Friday, April 20, 2012

Student Achievement Best Practices: How to Help Your Students Reach Their Potential in Mathematics

By Dr. Renu Ahuja, Math Teacher

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student achievement best practices in math

I teach mathematics courses to a very diverse group of students in terms of age, grade level, ethnicity, mathematical and reading abilities in an urban high school. Most of the classes are heterogeneous with students from grades 9-12 in the same class. Knowing my students well and gaining their trust is a good way to start. One of my student achievement best practices is to give them diagnostic test in the beginning of the year that assesses the minimum they need to understand the concepts to be taught in the course.

Many of the students are initially diagnosed to be in need of remediation. I plan my curriculum materials and lessons based on students' developmental needs. Making connections, differentiation, presenting the content in logical steps and giving clear directions is the key. I try to involve all students in class participation by giving them equitable opportunity to present their solutions on the board, explain their reasoning to each other and to the class. Thus, mathematical talk is an important part of classroom procedures and instruction in my classes.

Giving mixed review study packets and assessments based on mixed review improves concepts retention and scores on standardized, formal and informal assessments. Designing problems that connect topics from different chapters prepares them for problem solving and recalling previously learned concepts. Preparing lessons that tap students' potentials keeps them engaged with the mathematical tasks. Using a combination of directive and supportive scaffolds during the delivery of lessons keeps the students on track and helps in developing reasoning skills.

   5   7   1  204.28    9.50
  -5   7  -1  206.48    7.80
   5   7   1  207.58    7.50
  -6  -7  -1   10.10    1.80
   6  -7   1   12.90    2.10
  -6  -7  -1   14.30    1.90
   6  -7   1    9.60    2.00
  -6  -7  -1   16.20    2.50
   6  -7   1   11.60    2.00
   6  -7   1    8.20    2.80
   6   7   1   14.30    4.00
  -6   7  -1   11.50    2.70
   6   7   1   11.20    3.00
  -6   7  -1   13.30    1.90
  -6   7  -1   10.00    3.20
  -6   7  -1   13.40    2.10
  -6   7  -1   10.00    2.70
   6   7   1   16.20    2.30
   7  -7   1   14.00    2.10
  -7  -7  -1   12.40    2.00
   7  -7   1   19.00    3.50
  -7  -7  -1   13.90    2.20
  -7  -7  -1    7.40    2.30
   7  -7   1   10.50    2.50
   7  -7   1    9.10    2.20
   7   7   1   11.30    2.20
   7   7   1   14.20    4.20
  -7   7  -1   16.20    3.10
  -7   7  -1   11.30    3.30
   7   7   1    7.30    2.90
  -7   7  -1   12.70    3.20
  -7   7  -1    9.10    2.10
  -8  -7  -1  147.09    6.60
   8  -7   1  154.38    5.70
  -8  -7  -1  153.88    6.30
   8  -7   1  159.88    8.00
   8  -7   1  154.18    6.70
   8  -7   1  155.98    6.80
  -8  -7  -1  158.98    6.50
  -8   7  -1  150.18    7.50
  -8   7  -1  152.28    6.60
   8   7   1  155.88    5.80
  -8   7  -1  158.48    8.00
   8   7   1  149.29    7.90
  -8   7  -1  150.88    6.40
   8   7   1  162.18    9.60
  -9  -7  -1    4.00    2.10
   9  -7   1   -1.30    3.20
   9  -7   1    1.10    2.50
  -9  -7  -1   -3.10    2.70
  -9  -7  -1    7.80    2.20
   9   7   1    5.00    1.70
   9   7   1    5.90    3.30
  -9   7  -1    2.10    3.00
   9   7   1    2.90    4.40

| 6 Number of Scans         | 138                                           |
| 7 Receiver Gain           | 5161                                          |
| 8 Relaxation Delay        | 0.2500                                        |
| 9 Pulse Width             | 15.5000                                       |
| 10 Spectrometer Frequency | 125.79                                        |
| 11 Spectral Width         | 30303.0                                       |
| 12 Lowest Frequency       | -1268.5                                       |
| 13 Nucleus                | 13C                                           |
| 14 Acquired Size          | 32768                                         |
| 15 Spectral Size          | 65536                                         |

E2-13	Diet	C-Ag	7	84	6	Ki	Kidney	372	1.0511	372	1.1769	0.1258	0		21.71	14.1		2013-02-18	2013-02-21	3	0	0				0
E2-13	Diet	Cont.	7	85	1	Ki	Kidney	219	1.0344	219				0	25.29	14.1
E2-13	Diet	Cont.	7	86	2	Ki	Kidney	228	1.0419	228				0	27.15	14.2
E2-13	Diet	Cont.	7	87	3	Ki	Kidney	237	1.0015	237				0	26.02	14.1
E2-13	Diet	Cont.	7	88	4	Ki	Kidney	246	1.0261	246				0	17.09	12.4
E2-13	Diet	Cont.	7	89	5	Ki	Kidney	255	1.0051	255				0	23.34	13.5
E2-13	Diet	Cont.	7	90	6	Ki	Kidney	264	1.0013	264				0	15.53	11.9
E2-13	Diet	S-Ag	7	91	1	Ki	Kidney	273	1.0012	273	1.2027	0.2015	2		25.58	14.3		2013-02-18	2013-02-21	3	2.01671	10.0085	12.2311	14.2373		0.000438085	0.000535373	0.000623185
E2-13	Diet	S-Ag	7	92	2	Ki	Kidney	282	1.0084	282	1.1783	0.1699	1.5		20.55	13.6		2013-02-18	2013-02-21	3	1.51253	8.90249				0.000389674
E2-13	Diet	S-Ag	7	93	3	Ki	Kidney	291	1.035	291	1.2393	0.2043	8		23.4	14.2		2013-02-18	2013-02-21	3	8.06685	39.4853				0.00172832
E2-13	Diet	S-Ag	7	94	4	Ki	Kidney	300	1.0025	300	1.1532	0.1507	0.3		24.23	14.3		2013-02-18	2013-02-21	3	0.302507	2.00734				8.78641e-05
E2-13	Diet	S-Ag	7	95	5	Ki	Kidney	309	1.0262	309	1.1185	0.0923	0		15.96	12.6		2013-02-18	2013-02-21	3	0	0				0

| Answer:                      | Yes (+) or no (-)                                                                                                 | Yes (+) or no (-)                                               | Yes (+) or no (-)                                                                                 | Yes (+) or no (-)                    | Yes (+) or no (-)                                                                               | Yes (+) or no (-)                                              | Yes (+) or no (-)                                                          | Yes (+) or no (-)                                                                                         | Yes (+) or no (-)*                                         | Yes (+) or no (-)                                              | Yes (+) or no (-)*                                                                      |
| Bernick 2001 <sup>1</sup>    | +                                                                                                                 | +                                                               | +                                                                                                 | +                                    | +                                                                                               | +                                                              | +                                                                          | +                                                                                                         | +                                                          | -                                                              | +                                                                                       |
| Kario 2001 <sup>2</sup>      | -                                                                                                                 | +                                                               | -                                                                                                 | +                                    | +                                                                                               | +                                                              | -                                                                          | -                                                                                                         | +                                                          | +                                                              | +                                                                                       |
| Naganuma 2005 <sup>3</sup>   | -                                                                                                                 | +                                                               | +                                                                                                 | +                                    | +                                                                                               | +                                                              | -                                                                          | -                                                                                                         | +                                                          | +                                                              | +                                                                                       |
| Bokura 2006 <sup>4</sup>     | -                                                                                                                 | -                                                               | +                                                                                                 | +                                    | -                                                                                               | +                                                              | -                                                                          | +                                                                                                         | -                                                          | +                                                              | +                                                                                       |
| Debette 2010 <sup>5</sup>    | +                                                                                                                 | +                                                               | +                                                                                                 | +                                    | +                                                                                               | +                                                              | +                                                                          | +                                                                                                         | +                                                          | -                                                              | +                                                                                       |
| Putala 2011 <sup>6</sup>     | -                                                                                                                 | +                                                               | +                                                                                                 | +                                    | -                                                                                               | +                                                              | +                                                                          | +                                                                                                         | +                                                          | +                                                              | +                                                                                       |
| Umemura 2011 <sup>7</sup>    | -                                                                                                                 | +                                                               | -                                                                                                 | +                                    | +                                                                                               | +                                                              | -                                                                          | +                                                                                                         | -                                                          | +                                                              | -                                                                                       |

Presenting the content in a logical sequence and rearranging the curriculum sequence that takes into account their prior misconceptions helps in building conceptual understanding and procedural fluency in mathematics. Even, the lecture method combined with technology, visuals, and differentiation strategies such as flexible grouping, tiered assignments, adjusted work load helps in improving students' achievement. I try to give my students a broader picture by connecting the topics with their real life and other disciplines.

I have adjusted my instruction from year to year based on the students' needs. In addition to teaching the mathematical content, we have to teach them organization skills, how to use their time effectively, how to use the textbook, how to organize their study space, how to review for exams. All these skills add to the students' achievement. I talk to the students about importance of these skills during coach class and homeroom period.

So, there is no single recipe for students’ success in mathematics, you have to use a combination of student centered and teacher centered pedagogies. I have a passion for teaching and learning of mathematics. I communicate the passion for mathematics to my students every day by being enthusiastic and cheerful. The goal is to help them become better problem solvers and appreciate the beauty of mathematics.

Dr. Renu Ahuja is a mathematics teacher in the Baltimore City Public School System, Maryland.

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